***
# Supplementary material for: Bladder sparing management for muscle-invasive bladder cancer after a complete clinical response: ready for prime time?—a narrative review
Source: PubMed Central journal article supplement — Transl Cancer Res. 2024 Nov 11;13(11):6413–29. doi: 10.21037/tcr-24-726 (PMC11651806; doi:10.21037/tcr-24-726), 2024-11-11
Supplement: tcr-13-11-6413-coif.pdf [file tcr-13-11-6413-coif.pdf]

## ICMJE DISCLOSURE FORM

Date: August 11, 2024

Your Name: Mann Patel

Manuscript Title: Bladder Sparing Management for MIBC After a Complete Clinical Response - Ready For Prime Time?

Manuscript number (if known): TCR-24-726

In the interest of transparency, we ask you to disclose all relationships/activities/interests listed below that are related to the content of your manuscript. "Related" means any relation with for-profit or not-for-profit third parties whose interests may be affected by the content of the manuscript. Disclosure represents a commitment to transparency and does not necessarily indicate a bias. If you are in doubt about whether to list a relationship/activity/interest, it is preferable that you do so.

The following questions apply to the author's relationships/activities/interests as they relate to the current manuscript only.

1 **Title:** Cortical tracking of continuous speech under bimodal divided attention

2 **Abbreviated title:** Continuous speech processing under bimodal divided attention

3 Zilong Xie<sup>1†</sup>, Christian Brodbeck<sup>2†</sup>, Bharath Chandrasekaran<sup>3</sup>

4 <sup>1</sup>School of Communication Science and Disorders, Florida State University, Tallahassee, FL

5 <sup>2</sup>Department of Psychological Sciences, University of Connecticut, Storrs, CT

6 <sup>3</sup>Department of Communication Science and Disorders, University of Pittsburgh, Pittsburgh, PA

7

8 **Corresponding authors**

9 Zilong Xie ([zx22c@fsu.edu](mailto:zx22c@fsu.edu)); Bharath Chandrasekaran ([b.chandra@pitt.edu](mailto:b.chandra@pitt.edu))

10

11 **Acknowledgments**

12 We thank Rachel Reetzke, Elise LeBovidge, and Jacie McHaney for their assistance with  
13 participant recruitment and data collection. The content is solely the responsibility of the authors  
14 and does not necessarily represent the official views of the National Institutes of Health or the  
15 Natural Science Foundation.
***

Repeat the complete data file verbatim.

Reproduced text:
# Supplementary material for: Bladder sparing management for muscle-invasive bladder cancer after a complete clinical response: ready for prime time?—a narrative review
Source: PubMed Central journal article supplement — Transl Cancer Res. 2024 Nov 11;13(11):6413–29. doi: 10.21037/tcr-24-726 (PMC11651806; doi:10.21037/tcr-24-726), 2024-11-11
Supplement: tcr-13-11-6413-coif.pdf [file tcr-13-11-6413-coif.pdf]

## ICMJE DISCLOSURE FORM

Date: August 11, 2024

Your Name: Mann Patel

Manuscript Title: Bladder Sparing Management for MIBC After a Complete Clinical Response - Ready For Prime Time?

Manuscript number (if known): TCR-24-726

In the interest of transparency, we ask you to disclose all relationships/activities/interests listed below that are related to the content of your manuscript. "Related" means any relation with for-profit or not-for-profit third parties whose interests may be affected by the content of the manuscript. Disclosure represents a commitment to transparency and does not necessarily indicate a bias. If you are in doubt about whether to list a relationship/activity/interest, it is preferable that you do so.

The following questions apply to the author's relationships/activities/interests as they relate to the current manuscript only.

1 **Title:** Cortical tracking of continuous speech under bimodal divided attention

2 **Abbreviated title:** Continuous speech processing under bimodal divided attention

3 Zilong Xie<sup>1†</sup>, Christian Brodbeck<sup>2†</sup>, Bharath Chandrasekaran<sup>3</sup>

4 <sup>1</sup>School of Communication Science and Disorders, Florida State University, Tallahassee, FL

5 <sup>2</sup>Department of Psychological Sciences, University of Connecticut, Storrs, CT

6 <sup>3</sup>Department of Communication Science and Disorders, University of Pittsburgh, Pittsburgh, PA

7

8 **Corresponding authors**

9 Zilong Xie ([zx22c@fsu.edu](mailto:zx22c@fsu.edu)); Bharath Chandrasekaran ([b.chandra@pitt.edu](mailto:b.chandra@pitt.edu))

10

11 **Acknowledgments**

12 We thank Rachel Reetzke, Elise LeBovidge, and Jacie McHaney for their assistance with  
13 participant recruitment and data collection. The content is solely the responsibility of the authors  
14 and does not necessarily represent the official views of the National Institutes of Health or the  
15 Natural Science Foundation.